Investors that rely on expense ratios alone to try and predict the future performance of a fund are only getting part of the picture, Lipper found in the firm’s “How Well Do Expenses And Net Returns Predict Future Performance?” report. Rather, investors should use a group of tools or ranking mechanisms to reduce the vast universe of U.S. mutual funds to a handful of candidates from which to make a choice. Overall Lipper finds single-factor models utilized to select investments in most cases have a drawback.
In fact, Lipper found that only inno-load and institutional funds does the buying of the least expensive funds improve an investor’s odds of “picking an index-beating fund.” Across all other fund types higher expense ratios tend to be associated with higher returns for load shares. Broken down, Lipper found that in only three of the eight equity share classes does picking low-expense funds improve the odds of selecting index-beating funds – defined as a fund that outperformed its respective Lipper index over a three-year period. Similarly, for bond funds the selections of low-expense funds improve chances of besting the Lipper index in only three out of nine share classes.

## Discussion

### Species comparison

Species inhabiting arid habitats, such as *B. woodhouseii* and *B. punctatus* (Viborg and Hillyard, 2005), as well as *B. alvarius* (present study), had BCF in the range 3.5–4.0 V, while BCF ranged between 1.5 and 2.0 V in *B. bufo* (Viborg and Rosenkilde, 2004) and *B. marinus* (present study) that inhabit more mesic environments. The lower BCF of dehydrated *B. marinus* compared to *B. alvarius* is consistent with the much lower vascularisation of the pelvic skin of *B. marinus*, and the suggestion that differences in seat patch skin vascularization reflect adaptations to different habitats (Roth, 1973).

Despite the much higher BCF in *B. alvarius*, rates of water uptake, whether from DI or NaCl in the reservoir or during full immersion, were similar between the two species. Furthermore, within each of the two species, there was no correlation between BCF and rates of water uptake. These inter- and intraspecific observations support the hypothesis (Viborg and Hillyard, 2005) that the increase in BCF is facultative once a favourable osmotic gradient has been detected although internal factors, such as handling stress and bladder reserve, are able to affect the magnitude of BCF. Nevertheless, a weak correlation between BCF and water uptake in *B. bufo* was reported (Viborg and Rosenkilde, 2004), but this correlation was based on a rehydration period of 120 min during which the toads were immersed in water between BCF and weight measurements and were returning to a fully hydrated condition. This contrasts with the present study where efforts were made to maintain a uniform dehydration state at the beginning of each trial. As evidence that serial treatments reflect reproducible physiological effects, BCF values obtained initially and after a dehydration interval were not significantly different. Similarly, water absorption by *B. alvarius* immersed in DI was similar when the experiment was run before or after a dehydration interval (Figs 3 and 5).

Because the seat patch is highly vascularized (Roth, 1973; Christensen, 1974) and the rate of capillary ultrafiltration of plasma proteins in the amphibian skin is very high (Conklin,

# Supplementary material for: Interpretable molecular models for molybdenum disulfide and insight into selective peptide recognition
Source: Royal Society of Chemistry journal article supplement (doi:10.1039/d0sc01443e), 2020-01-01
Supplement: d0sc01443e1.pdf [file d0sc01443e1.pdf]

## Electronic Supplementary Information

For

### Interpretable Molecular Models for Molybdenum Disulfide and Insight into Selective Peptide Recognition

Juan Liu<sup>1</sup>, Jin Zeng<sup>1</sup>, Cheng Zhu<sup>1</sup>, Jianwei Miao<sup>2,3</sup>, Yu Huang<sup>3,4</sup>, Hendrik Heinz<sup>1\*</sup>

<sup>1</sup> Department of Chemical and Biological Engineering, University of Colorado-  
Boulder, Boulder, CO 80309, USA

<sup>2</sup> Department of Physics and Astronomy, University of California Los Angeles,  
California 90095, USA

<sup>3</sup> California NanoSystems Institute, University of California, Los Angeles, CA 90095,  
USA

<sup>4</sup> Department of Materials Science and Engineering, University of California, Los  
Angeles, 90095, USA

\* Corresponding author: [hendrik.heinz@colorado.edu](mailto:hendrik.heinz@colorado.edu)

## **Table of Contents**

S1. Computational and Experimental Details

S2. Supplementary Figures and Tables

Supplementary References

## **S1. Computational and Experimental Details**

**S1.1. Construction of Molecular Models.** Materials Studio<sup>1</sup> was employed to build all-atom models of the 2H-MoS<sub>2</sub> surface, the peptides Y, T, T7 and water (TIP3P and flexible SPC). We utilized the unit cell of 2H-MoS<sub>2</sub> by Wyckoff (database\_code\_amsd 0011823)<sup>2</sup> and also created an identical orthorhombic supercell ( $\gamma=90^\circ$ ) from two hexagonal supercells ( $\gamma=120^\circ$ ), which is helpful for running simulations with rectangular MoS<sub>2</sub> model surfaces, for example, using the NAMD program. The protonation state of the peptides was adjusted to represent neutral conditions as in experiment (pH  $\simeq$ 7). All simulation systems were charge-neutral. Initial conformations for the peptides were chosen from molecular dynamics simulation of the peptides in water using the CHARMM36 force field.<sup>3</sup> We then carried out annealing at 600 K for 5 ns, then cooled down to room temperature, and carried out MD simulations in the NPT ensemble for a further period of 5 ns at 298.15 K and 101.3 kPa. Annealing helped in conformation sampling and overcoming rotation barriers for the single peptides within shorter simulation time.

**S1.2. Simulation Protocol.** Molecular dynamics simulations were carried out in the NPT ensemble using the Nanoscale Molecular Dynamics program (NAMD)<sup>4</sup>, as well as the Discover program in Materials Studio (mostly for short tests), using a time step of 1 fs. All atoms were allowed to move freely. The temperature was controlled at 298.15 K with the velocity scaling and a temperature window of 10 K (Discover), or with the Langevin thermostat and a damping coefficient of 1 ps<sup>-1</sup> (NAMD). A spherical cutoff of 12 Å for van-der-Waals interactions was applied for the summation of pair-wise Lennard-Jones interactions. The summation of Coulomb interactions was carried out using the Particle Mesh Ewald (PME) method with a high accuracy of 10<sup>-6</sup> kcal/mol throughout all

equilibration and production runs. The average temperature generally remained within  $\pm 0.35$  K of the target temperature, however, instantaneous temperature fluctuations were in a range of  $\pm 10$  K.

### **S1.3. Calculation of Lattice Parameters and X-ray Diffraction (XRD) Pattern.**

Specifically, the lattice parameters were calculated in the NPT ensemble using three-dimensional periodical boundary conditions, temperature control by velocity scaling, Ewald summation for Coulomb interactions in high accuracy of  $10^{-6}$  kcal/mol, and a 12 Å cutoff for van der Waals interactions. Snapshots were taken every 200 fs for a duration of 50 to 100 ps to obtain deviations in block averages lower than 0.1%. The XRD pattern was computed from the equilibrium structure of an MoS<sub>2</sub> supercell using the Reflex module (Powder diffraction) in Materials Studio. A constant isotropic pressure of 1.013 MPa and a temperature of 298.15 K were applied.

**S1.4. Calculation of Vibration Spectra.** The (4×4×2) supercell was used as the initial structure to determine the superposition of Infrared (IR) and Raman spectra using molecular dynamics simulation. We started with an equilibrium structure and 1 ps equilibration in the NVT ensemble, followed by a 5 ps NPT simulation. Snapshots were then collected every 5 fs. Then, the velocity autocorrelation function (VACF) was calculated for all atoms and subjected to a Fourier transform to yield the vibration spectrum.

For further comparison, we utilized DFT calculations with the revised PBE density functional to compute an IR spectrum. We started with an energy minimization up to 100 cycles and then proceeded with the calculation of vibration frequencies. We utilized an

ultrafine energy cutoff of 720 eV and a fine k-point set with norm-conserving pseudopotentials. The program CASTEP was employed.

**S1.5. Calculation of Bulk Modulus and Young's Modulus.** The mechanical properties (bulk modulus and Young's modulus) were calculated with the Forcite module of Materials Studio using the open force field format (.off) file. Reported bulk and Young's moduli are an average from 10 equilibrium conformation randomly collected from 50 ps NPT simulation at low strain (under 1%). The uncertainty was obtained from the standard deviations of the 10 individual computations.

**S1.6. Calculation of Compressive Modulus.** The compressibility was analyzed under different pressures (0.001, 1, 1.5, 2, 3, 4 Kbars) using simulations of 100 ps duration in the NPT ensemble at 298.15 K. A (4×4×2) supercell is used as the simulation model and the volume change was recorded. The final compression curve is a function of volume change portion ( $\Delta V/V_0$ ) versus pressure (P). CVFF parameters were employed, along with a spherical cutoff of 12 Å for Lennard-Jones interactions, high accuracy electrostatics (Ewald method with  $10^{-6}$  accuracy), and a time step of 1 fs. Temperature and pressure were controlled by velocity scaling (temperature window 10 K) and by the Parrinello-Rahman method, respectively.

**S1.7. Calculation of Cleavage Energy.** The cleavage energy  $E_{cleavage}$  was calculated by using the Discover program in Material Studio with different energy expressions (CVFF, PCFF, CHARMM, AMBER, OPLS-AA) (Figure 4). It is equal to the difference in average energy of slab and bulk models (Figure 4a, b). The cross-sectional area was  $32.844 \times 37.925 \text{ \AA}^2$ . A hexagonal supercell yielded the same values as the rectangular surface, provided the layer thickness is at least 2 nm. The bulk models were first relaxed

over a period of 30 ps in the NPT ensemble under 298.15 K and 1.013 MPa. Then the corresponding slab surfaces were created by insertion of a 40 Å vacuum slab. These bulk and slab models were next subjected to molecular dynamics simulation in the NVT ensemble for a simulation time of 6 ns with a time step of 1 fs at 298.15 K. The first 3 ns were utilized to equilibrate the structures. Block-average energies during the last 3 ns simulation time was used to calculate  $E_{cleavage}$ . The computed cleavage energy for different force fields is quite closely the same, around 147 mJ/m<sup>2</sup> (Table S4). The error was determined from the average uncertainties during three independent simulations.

Further, Lipper examined the characteristics of index-beating funds and found the level of management fees to be a primary explainer of performance and nonmanagement expenses and the presence – or absence – of 12b-1 fees a significant secondary descriptor. Overall, Lipper finds 12b-1 fees are a “dead-weight cost” in no-load funds that investors accept “because they know very little about it and less about how to evaluate its economic impact.” By comparison, in load-bearing shares, Lipper finds some grounds for the dead-weight cost argument, but the cost ” is mitigated to some extent by the possibility that 12b-1 fees help counteract redemptions with new sales in order to avoid selling into market weakness and, more importantly for load shares, that brokers and planners are counseling investors not to sell and thereby incur a service fee after poor performance periods.”
A copy of the report is available on Lipper’s Research Studies Overview page found here .